• The Store search is still rubbish and my complaints to Microsoft about infringing applications ('All About Windows Phone!') have gone unanswered. Which is ironic given that Microsoft also recently pulled our official and generally working WP8.1 AAWP app because Rafe hadn't filled in some paperwork. Sigh. (Here's our official AAWP UWP app, by the way.)
  • OneDrive auto-upload from captured photos and screenshots is still erratic. Sometimes they auto-upload, sometimes I need to go into the OneDrive app in order to kick-start things. Grr....

When Windows 10 (Mobile) works then it works well, and beautifully. On the large screened Lumias, the typography and AMOLED UI elements are just stunning. The Start screen and live tiles are a real USP for the platform. And the imaging side of things is extremely competitive, even world beating in the case of the Lumia 950 range. With my trusty leather Mozo replacement back on, the 950 XL is a loveable workhorse that also takes incredible photos. Finally, the whole vision of one platform across all form factors is inspiring - and when the HP Lap Dock arrives then 950 or X3 owners like myself will get another big shot in the arm in terms of flexibility.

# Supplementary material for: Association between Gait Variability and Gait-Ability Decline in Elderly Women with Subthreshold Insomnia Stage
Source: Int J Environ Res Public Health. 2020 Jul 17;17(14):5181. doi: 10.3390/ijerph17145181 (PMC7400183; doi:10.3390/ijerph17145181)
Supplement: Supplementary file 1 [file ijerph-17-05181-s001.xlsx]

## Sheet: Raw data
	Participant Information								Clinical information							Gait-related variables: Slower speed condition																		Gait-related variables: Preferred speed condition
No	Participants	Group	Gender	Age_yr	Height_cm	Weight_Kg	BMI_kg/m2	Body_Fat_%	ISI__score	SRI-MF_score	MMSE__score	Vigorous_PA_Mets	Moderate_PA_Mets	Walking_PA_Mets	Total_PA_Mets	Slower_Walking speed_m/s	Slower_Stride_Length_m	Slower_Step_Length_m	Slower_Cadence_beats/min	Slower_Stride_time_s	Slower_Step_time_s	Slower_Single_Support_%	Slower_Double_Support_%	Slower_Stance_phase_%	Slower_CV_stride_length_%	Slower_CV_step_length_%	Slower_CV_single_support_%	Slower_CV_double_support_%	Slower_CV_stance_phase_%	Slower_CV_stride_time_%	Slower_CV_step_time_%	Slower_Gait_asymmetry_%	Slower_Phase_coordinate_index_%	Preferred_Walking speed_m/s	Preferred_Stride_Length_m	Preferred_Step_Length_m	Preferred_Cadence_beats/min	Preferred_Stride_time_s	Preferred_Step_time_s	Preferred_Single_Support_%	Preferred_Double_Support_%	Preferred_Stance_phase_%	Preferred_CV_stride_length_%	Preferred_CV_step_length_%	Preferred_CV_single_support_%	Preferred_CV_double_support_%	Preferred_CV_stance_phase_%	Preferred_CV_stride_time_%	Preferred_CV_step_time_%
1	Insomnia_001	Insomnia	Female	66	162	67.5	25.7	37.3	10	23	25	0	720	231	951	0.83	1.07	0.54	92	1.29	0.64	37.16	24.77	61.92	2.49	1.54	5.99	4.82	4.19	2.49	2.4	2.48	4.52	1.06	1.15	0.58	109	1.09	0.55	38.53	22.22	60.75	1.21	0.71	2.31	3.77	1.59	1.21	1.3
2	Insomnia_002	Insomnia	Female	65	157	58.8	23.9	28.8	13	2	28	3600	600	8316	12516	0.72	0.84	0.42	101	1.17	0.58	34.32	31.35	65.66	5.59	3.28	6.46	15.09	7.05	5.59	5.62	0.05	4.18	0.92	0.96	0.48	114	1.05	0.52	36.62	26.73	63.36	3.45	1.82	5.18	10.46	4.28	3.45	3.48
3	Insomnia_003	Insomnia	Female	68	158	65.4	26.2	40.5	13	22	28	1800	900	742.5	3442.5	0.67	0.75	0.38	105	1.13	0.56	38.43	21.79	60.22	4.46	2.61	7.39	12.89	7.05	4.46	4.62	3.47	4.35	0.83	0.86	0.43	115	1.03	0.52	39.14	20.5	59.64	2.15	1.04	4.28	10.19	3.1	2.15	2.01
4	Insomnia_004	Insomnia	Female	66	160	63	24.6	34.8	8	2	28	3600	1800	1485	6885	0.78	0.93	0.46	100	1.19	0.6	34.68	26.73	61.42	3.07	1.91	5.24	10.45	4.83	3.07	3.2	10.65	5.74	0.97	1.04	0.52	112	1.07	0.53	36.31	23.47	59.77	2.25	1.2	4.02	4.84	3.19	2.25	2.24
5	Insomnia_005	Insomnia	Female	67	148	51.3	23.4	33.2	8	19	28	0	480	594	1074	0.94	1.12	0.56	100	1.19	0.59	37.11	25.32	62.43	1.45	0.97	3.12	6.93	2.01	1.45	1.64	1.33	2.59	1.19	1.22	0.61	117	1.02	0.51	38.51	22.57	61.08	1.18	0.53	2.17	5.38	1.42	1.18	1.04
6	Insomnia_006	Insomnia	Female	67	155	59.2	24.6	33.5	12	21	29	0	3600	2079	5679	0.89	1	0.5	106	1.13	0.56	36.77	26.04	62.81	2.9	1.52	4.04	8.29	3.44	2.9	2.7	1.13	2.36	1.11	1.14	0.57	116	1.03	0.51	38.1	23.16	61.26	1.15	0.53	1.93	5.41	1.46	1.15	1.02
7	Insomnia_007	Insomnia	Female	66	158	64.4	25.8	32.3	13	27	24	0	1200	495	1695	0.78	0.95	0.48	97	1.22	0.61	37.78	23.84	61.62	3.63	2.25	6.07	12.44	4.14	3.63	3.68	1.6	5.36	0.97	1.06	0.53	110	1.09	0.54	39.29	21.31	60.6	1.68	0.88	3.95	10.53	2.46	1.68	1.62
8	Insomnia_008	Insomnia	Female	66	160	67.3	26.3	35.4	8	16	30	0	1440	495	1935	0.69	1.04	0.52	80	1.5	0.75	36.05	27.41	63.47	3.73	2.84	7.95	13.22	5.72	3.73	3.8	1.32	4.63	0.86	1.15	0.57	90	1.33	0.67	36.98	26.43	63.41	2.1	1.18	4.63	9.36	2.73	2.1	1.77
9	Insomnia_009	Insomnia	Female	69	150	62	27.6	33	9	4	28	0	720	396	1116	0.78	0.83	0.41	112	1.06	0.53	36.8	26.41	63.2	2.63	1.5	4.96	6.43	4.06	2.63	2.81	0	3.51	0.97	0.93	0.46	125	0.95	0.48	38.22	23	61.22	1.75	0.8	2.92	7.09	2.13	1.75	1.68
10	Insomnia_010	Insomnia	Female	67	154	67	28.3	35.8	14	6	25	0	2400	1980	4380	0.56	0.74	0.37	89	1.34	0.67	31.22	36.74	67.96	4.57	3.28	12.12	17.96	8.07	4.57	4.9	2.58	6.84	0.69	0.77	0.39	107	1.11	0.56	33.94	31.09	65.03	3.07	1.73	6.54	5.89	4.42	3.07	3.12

Mozo leather backs for the 950 range

However, even taken all together, these plus points can't really offset software unreliability though. Yes, all of the above was on a Fast (Insiders) ring Lumia 950 XL, but I've also hit many of the same issues on the 'production' Elite X3, so it's not just me being on bleeding edge. And, at the very least, this all shows (yet again) how far Microsoft has to go before it can be taken seriously in providing a smartphone experience that's rock solid and dependable.

Microsoft's answer will be that Windows 10 and all its apps and components are being updated as a 'service' and that there will always be fixes and patches just around the corner, so I should expect some glitches along the way. My contention though is that there are far too many of these, at least on mobile where there's really no excuse - the Lumias are a very well known and stable hardware quantity (unlike hardware in the desktop market).

Or maybe I just had a bad day? I'm sure optimistic, always-cheery Steve will be back shortly, but in the meantime thanks for letting my blow off a little steam. And your comments welcome as always.